In response, a significant portion of the disability community has been working to amend the ADA to bring it back to its initial intent.

    The idea to amend the ADA has been around Washington for the last 4-5 years. In 2004, the National Council on Disability (NCD), the same independent federal agency that drafted the original ADA, published a report called Righting the ADA, which harshly criticized the Supreme Court decisions and gave recommendations on how to fix the ADA to and take care of the problems created by the Supreme Court's interpretations.

    Over the years there has been significant concern about opening up the ADA for fear that an unfriendly Congress would take away the rights available to people with disabilities. In addition, the legislative fix that was proposed only looked at two specific issues the definition of disability and the concern of mitigating measures.

    After much strategy discussion and back-and-forth about whether or not this was the best time to push for change, in the fall of 2006, Senator Sensenbrenner, with support from the disability community, put forward H.R. 6258, the ADA Restoration Act of 2006. It was proposed late in the session, and was really intended as a way to test the waters and see how Congress felt about the need to address the ADA problem. Considering that about 60% of supporters of the original ADA were still in Congress, the significant amount of evidence available showing how bad things had become in the court system, and the enthusiastic support of House Majority Leader, it seemed to be a good opportunity.

    On July 26, on the 17th anniversary of the enactment of the original ADA, Representatives Hoyer and Sensenbrenner introduced H.R. 3195, the ADA Restoration Act of 2007. Disability advocates had been contacting congress and working to educate them about the problems with the ADA and it would seem that Congress listened – the bill had 143 original co-sponsors. On the same day, a Senate companion bill, S. 1881, was introduced by Senators. Tom Harkin and Arlen Specter. That number quickly grew to over 250 co-sponsors.

    However, in addition to gaining supporters, the bill was also gaining opposition. Members of the business community and even some within the education community expressed concern that the changes suggested by the legislation went too far and would actually be a detriment to business. That the ADA restoration Act, far from helping people with disabilities would actually harm them because ANYONE would then qualify.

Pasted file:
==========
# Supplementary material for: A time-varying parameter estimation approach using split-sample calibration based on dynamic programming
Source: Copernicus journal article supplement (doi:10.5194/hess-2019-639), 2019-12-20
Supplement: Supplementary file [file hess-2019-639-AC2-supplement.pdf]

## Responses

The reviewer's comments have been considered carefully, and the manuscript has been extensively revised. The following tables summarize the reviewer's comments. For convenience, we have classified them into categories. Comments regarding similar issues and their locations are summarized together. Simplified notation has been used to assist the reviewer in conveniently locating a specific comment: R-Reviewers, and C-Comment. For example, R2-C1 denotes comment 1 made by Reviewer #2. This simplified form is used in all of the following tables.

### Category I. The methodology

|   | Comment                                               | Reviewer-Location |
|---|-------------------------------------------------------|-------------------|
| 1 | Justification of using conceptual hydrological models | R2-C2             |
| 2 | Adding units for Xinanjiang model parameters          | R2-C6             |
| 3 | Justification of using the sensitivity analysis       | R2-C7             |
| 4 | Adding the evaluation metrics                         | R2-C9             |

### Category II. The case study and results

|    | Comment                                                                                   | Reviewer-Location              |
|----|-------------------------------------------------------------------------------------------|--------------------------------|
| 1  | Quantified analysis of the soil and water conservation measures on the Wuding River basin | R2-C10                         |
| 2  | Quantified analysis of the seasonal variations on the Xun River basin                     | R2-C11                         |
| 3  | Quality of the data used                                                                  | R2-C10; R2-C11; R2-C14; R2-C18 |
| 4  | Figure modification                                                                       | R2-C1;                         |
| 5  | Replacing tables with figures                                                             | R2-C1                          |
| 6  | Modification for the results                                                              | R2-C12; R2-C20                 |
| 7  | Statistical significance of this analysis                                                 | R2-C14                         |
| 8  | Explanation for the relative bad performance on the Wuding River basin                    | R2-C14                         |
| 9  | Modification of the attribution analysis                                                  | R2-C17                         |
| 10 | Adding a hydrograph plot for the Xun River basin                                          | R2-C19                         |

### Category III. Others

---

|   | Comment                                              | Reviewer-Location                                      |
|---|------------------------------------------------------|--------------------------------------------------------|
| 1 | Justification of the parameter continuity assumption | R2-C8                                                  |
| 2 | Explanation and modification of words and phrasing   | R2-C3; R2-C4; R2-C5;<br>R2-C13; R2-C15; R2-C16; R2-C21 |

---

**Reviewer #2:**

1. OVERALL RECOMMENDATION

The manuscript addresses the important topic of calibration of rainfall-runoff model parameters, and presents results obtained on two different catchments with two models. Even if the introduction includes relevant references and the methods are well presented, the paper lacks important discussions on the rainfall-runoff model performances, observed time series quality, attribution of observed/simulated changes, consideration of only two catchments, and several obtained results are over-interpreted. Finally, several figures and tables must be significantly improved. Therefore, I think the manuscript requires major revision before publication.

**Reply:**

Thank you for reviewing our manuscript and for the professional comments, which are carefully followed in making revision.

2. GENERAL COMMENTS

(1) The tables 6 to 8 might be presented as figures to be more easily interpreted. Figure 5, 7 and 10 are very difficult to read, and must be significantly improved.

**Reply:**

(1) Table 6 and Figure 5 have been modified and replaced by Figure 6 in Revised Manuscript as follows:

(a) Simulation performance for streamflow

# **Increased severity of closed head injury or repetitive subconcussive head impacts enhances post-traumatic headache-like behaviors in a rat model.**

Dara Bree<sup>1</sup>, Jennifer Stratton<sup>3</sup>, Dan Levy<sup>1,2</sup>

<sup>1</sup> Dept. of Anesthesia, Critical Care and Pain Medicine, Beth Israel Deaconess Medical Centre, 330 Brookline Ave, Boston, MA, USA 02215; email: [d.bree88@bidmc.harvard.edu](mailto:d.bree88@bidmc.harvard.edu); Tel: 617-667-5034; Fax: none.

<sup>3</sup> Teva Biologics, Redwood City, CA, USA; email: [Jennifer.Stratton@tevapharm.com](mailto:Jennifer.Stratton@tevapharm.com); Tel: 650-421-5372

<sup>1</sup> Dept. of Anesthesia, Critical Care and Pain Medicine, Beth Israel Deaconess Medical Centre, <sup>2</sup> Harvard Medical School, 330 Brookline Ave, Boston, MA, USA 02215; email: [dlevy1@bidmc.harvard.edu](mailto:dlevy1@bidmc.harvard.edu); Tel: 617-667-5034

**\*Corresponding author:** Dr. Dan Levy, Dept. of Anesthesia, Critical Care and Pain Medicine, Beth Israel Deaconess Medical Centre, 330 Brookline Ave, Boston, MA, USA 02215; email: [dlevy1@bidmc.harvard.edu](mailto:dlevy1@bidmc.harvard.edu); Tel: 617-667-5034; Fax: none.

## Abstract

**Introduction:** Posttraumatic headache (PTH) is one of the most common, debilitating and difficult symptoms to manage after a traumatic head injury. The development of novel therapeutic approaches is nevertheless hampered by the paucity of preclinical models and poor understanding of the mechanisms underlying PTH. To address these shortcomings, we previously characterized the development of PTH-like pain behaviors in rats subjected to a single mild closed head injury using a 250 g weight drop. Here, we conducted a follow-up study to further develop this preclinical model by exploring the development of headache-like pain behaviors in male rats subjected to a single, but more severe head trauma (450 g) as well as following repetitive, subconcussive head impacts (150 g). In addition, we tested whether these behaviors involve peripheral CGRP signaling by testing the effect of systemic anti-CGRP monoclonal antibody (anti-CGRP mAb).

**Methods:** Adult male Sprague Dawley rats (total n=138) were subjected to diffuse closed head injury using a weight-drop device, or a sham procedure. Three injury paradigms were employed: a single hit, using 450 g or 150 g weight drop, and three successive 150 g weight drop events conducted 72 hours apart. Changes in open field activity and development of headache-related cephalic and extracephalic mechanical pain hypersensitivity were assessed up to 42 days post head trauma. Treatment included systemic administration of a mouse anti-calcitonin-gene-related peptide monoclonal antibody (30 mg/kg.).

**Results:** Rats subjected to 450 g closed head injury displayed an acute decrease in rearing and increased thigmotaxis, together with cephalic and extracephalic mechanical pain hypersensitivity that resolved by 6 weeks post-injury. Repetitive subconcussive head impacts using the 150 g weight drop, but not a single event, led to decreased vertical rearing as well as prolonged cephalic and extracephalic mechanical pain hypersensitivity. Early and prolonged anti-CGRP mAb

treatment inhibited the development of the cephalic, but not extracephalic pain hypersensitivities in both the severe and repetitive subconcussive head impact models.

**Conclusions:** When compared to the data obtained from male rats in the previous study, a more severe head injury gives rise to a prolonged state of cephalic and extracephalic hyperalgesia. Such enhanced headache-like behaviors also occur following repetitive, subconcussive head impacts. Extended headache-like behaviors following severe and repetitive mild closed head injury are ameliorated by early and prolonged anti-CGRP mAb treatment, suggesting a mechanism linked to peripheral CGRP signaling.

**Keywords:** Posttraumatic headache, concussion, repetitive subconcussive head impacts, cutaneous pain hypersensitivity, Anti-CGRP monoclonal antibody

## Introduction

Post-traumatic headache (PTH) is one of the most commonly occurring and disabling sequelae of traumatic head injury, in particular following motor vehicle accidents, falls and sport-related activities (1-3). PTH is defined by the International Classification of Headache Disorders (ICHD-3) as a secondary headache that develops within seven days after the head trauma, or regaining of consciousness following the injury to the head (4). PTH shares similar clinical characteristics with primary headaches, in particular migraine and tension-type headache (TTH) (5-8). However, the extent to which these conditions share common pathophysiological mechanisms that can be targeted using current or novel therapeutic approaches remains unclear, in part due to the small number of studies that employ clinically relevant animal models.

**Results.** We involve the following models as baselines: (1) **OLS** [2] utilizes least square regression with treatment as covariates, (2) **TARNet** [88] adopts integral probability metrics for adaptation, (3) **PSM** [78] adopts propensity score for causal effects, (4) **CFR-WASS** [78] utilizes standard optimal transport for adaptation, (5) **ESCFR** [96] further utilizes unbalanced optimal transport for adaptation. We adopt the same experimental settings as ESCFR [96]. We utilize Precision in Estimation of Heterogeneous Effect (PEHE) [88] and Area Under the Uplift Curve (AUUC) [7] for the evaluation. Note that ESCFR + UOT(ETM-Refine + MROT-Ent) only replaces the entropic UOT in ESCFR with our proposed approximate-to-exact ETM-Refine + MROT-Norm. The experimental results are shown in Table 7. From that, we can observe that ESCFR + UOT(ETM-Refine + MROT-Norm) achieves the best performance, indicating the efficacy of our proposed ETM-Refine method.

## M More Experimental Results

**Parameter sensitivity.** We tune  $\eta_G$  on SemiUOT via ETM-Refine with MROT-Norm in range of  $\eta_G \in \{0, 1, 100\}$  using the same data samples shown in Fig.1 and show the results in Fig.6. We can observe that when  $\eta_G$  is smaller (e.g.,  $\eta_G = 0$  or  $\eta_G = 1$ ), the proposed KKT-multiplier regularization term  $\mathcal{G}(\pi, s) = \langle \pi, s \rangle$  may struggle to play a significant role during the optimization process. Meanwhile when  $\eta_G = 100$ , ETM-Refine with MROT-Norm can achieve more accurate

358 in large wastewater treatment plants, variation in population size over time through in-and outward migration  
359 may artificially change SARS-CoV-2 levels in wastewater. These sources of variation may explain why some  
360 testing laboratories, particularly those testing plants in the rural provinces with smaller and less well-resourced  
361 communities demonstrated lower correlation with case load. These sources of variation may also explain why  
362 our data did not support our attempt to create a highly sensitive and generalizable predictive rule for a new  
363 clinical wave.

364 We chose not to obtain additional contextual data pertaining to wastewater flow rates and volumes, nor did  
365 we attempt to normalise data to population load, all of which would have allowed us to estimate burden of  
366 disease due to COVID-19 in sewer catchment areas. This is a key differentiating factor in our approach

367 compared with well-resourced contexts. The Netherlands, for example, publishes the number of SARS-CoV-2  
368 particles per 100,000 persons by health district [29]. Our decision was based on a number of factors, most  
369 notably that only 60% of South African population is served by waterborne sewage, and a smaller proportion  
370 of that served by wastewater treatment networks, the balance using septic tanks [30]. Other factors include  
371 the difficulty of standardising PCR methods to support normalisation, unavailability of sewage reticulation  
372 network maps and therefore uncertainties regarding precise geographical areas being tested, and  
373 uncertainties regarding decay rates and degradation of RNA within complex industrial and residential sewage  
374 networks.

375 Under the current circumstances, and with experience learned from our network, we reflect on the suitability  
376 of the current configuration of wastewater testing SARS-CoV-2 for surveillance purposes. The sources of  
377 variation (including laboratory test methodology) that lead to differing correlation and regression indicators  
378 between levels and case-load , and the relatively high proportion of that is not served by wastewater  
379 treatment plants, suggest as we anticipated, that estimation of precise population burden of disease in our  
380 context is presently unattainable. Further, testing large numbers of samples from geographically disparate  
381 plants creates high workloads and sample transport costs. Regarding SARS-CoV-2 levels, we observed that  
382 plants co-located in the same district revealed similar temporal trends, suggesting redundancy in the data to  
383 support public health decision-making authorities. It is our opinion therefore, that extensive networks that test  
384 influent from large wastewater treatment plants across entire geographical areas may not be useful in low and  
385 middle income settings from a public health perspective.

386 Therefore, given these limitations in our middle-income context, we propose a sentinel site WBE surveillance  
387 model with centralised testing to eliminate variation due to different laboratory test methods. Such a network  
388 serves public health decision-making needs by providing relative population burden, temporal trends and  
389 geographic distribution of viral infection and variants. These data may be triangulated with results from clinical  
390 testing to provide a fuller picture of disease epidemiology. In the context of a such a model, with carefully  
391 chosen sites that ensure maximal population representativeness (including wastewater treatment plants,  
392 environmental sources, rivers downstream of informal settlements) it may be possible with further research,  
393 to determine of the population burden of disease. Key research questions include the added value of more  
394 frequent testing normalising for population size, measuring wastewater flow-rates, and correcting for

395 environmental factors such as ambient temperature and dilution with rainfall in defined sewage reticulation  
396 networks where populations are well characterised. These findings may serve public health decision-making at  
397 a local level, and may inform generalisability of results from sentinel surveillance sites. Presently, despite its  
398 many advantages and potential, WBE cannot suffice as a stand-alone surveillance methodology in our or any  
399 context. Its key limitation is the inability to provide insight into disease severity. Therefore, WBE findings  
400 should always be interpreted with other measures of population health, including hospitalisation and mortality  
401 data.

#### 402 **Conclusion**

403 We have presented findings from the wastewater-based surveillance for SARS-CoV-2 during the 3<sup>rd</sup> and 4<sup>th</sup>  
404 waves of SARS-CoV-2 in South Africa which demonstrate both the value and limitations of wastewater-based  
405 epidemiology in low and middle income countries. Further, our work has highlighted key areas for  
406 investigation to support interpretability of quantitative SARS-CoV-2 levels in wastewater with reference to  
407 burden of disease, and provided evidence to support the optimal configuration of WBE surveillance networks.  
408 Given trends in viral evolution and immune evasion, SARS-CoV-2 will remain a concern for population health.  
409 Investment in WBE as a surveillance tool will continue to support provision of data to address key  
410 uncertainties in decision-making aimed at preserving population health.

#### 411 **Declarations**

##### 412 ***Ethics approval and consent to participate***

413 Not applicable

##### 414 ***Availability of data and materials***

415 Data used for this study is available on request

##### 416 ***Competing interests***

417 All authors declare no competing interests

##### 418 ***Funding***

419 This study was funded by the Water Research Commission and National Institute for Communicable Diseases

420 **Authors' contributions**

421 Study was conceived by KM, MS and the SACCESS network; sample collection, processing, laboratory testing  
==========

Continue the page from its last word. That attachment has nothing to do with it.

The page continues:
Right or wrong, whether you agree or disagree, those concerns resonated with Congress and there was considerable concern that legislators might be convinced to block or amend the bill in a way that truly would negatively impact people with disabilities. So, in early 2008 the disability community was strongly encouraged to meet with the business community and try to negotiate a deal.

    The idea was to create legislation that both sides could agree on that could make it through congress. Negotiated bills generally tend to move forward faster and with wider support through the legislative process. However, they ARE a compromise, which means all sides are equally unhappy. After 3 months of negotiations between the disability community and the business community, the proposed deal language was drafted.

    As I said earlier, the ADA is THE civil rights bill for people with disabilities. It is at the heart of almost all legislation relating to discrimination and people with disabilities so it is also going to be probably the issue to bring out the most passion in the heart of any and all advocates for disability rights. This compromise legislation was not easy and there has been a lot of general unhappiness regarding it.

    Let me be clear, the vast majority of groups do support this compromise bill and it is moving forward amazingly fast in Congress but initially, there was a lot of skepticism. Was the disability community giving up too much? Was it truly necessary to compromise with business? Couldn't this wait until next year for a different administration? There were a lot of questions and on an issue that draws as much passion as the ADA, opinions can and did differ.

    Never-the-less, even though there existed unease regarding the legislation, the disability community overall was willing to accept the negotiated bill and began lobbying Congress. What was interesting was that the lobby teams were of business and disability groups going to House congressional offices together. I have heard from many, many advocates that that has NEVER happened before. Not even with the original ADA. And the response from the House offices reflected that. The joint teams were received positively and drew a lot of support.